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Loch Ness Monster Mysteries

image The first recorded stories of a water dwelling beast in this region comes from the tales of the "Life of Saint Columbia" by the 7th century writer, Adomnan.

Of all the cryptozoological creatures reported around the world, the lake monster of Loch Ness, Scotland is surely the most well known and beloved of them all.

That a possible prehistoric creature still shares our world in the deep, murky waters of this long lake fuels not only our imaginations but also a vast tourist industry.

The first recorded stories of a water dwelling beast in this region comes from the tales of the "Life of Saint Columbia" by the 7th century writer, Adomnan. The holy man reportedly saved the life of a swimmer from the attack of a "water beast" in the River Ness in the 6th century. Nothing more was heard officially about such a creature again until the early 20th century.

On June 5th of 1933, Margaret Munro said she watched a beast on the shore of the lake for over twenty minutes. She said it had elephant-like skin, a long  thin neck with a small head and two short fore-flippers. In late July of 1933 Mr. and Mrs. George Spicer reported a large, unknown creature running across the road in front of them. They said the creature was perhaps 4 feet high and about 25 feet long. It had a long, sinuous neck and disappeared into the Loch that was about 20 feet from the road. The next month, August, and Author Grant claims to have almost collided with the beast with his motorcycle before it ran back into the lake.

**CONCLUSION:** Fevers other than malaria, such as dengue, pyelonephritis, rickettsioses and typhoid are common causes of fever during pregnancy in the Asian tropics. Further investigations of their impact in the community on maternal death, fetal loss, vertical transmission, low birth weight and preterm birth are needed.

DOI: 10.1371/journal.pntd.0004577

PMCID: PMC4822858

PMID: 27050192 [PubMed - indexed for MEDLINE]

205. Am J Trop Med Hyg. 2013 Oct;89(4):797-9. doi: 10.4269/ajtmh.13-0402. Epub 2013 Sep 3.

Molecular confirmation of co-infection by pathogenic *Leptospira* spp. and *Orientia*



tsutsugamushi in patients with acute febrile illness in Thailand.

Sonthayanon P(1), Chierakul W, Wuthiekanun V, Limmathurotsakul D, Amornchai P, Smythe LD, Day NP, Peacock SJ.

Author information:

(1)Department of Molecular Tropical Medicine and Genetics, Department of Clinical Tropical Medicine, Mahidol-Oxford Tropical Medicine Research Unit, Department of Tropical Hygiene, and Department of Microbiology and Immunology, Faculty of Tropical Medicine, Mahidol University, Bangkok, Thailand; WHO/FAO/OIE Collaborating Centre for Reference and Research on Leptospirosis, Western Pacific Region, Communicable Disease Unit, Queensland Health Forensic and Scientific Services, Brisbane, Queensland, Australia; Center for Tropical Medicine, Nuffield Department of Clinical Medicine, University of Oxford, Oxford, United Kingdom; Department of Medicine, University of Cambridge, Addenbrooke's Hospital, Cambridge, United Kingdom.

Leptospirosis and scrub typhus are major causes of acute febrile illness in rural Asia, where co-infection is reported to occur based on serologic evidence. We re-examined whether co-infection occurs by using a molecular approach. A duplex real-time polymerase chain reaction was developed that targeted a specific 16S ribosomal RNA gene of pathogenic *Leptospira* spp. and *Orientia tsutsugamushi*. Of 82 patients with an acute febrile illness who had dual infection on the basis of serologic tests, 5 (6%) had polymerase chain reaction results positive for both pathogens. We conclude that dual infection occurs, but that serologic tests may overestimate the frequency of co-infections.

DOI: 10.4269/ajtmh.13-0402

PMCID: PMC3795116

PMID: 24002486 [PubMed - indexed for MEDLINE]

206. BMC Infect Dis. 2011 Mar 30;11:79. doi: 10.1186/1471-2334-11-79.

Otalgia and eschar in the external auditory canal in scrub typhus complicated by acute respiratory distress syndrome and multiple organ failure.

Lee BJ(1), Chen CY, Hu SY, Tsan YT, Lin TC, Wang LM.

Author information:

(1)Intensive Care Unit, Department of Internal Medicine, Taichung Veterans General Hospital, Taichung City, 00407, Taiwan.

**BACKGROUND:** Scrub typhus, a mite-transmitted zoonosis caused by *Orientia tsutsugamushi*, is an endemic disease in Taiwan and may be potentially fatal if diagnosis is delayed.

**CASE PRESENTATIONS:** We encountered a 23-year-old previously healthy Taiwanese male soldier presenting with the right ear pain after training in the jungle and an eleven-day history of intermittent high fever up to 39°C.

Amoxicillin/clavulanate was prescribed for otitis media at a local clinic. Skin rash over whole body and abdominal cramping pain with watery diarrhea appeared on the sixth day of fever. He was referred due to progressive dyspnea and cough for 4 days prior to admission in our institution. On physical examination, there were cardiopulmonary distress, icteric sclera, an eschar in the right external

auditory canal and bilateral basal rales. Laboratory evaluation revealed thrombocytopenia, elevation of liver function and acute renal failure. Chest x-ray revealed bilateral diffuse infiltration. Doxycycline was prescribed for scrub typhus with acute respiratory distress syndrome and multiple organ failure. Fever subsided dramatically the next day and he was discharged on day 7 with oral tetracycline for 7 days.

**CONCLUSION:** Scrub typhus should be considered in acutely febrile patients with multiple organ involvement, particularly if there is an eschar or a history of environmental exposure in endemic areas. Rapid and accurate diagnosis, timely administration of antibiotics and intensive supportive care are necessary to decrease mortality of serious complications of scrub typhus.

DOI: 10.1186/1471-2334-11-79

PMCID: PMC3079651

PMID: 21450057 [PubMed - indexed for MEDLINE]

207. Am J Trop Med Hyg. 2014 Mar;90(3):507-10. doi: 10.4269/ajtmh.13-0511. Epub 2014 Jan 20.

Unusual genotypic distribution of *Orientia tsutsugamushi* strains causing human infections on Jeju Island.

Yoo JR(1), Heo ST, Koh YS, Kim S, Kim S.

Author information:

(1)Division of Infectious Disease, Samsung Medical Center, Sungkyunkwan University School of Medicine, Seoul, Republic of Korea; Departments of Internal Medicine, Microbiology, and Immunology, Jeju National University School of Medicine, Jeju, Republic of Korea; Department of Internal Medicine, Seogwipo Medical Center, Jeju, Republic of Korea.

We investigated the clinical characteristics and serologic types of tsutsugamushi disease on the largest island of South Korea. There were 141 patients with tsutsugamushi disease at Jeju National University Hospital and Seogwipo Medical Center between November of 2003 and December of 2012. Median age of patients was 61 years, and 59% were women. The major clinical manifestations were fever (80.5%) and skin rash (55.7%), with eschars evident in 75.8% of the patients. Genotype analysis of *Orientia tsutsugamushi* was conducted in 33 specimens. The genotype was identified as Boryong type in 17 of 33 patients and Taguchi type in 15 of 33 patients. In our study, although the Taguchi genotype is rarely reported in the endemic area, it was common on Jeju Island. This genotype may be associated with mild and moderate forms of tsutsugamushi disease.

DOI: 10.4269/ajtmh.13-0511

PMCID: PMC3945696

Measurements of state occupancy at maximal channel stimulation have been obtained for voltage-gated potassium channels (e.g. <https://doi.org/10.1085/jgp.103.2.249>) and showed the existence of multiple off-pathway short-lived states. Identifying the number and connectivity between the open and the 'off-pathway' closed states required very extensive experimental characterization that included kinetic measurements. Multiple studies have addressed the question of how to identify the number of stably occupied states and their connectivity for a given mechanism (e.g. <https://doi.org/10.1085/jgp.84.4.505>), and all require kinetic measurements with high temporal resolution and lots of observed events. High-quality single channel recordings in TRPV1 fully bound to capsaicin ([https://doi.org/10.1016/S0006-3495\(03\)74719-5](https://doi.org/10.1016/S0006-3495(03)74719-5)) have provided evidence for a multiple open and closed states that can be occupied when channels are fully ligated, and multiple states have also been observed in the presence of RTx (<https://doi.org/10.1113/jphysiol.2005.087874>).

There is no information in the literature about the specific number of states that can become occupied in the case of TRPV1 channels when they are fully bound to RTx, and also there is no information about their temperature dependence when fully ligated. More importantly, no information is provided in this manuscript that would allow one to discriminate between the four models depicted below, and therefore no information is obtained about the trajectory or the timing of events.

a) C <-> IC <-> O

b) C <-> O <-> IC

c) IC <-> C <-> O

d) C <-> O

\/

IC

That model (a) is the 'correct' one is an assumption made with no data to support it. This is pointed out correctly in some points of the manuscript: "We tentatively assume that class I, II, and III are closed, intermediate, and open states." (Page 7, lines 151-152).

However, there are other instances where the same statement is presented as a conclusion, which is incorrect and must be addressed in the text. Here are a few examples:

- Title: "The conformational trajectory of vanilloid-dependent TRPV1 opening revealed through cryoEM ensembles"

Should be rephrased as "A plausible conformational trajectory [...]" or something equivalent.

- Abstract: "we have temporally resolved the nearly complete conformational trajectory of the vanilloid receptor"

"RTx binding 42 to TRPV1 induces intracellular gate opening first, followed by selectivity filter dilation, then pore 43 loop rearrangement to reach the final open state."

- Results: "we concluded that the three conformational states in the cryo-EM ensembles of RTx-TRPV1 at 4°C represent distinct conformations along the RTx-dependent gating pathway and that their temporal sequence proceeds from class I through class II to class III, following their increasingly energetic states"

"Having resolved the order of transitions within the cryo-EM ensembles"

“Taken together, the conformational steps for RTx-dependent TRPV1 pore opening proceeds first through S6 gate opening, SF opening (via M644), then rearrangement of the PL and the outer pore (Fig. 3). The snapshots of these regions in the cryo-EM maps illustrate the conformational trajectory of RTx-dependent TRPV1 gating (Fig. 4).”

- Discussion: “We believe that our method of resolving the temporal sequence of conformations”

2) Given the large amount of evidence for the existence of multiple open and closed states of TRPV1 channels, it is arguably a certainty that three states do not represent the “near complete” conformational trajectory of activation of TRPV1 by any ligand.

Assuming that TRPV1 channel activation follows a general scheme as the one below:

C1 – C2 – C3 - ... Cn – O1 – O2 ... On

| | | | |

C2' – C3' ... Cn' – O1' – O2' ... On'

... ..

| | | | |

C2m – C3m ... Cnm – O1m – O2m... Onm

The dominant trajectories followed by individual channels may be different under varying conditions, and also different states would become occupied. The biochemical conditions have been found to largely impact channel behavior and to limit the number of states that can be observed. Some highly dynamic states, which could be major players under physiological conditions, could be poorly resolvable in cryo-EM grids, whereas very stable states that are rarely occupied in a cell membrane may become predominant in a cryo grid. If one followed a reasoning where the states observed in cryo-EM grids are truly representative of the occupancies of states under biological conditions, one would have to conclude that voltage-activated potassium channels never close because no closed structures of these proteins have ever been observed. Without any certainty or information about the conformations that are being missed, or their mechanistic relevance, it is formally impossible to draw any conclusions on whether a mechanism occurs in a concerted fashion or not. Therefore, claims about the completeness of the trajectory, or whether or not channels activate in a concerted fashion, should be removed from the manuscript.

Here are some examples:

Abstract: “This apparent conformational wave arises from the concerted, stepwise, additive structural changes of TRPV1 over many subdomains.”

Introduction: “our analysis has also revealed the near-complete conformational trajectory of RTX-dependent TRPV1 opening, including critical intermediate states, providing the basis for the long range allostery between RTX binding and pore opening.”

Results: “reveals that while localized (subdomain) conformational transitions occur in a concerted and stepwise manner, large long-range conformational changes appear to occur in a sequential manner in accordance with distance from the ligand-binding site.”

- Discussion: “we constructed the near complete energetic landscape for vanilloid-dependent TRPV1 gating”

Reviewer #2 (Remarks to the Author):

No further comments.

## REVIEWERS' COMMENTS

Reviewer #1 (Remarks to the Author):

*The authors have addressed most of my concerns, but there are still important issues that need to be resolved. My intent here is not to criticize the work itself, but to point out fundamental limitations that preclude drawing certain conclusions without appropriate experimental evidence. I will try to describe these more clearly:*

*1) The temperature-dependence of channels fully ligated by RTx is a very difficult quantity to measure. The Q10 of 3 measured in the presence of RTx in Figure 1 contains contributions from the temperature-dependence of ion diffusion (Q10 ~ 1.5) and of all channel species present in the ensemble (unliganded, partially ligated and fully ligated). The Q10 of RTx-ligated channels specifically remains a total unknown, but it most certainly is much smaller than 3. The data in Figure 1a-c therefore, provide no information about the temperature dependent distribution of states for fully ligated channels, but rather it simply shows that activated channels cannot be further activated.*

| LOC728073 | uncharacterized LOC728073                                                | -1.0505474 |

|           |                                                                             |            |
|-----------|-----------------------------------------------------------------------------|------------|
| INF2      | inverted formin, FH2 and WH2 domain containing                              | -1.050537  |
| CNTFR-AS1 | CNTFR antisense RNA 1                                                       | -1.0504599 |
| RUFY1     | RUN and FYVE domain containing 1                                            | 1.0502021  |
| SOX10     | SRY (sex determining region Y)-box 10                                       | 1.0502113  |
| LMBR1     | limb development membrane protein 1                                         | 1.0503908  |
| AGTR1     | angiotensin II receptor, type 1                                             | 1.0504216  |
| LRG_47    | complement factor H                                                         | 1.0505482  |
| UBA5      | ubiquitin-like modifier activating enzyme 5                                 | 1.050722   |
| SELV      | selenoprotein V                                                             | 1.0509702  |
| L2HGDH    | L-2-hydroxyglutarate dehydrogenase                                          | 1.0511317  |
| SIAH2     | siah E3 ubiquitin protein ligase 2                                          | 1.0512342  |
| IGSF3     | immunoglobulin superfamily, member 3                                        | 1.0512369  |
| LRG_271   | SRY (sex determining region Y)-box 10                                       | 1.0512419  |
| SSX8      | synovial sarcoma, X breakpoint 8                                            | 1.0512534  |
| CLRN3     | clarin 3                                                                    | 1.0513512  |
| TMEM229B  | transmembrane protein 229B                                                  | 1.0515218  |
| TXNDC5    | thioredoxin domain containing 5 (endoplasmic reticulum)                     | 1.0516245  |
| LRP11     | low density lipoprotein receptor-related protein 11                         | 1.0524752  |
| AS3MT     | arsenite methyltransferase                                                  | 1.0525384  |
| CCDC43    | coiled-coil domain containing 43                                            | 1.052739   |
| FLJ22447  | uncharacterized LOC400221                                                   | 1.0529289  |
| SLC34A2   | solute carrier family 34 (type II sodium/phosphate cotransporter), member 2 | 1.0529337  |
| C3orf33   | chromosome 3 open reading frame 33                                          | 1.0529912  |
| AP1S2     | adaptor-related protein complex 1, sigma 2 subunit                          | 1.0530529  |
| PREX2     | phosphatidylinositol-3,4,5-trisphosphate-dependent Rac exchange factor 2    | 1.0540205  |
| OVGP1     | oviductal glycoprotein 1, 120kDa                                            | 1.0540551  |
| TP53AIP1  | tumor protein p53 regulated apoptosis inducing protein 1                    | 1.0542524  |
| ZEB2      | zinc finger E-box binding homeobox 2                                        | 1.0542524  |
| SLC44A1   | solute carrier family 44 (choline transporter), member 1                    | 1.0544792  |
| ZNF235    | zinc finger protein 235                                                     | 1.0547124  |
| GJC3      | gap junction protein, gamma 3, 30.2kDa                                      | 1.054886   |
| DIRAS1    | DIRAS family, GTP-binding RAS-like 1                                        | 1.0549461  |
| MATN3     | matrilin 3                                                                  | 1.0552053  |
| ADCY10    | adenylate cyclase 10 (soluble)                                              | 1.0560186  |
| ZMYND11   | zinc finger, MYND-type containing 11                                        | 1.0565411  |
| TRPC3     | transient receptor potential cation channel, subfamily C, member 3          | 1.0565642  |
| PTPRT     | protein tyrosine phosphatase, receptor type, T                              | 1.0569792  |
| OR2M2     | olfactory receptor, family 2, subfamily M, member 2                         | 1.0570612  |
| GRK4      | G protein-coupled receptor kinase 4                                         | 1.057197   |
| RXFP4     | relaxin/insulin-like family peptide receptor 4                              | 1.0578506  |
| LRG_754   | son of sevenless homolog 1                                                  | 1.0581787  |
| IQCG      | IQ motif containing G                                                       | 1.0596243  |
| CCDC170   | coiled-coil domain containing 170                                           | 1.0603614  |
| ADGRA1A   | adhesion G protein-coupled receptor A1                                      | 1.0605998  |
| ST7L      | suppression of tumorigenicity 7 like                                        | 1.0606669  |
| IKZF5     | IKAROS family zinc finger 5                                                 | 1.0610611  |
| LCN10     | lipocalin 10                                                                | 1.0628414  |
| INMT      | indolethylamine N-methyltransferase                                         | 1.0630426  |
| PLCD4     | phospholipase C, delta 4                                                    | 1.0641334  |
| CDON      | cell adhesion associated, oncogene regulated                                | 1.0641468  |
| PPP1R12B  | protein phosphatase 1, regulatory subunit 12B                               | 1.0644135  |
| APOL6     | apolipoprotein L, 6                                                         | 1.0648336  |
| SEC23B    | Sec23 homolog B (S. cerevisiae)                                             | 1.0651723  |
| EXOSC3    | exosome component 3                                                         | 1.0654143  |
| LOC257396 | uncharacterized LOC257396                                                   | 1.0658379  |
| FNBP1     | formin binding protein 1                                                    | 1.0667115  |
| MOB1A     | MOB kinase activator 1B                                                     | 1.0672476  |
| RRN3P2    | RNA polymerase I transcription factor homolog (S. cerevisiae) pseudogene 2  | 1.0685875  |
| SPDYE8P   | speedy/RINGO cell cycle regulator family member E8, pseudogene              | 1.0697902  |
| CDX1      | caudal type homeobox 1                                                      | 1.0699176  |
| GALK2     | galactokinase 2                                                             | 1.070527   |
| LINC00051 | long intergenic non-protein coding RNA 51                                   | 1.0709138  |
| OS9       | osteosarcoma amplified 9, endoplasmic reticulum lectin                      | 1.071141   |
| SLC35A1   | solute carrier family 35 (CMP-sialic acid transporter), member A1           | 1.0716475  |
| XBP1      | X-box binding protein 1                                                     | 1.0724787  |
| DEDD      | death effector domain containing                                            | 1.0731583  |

After that, reports of sightings of the Loch Ness monster came in sporadically from a  multitude of people. Occasional photographs and grainy film of something unusual in the waters of the Loch began to materialize. Probably the most famous, the "Surgeon's Photograph", taken in 1934 endured much publicity both good and bad until a deathbed confession by Christian Spurling debunked it as a model built onto a toy submarine.

Less easily ignored though are some of the sonar readings that have been taken in the lake by modern scientists. Robert Rines managed to take a few underwater photos of what appeared to be a large flipper at the same time as sonar recordings were registering movement by something between 20 and 30 feet in length. Other sonar searches of Loch Ness by different expeditions also recorded various anomalous sonar readings. In 1987 the director of "Operation Deepscan", Darrell Lowrance recorded an echogram of a large object moving near Urquhart Bay at a depth of 600 feet. In conclusion he is quoted as saying, "There's something here that we don't understand, and there's something here that's larger than a fish, maybe some species that hasn't been detected before. I don't know."

Skeptics insist that the causes of all the Loch Ness monster sightings are either, hoaxes and lies, the misidentification of sturgeon, eels, seals, deer, moose, floating logs, or temperature differentials in the water itself. No one has yet to present a body or a live, captured beast and biologists say the lake is incapable of supporting a creature or creatures of the size reported for the Loch Ness monster. They say that even were the ancient dinosaur, plesiosaur, of which descriptions fit the closest, it would take a minimum of ten creatures to maintain a viable community and that the lake could not support or likely hide that many such beasts.

Barring further data to conclusively prove or disprove the existence of the Loch Ness monster, we are left with a continuing mystery and the hope that even in this mundane world, such wonders as "Nessie" can survive in more than just our imaginations.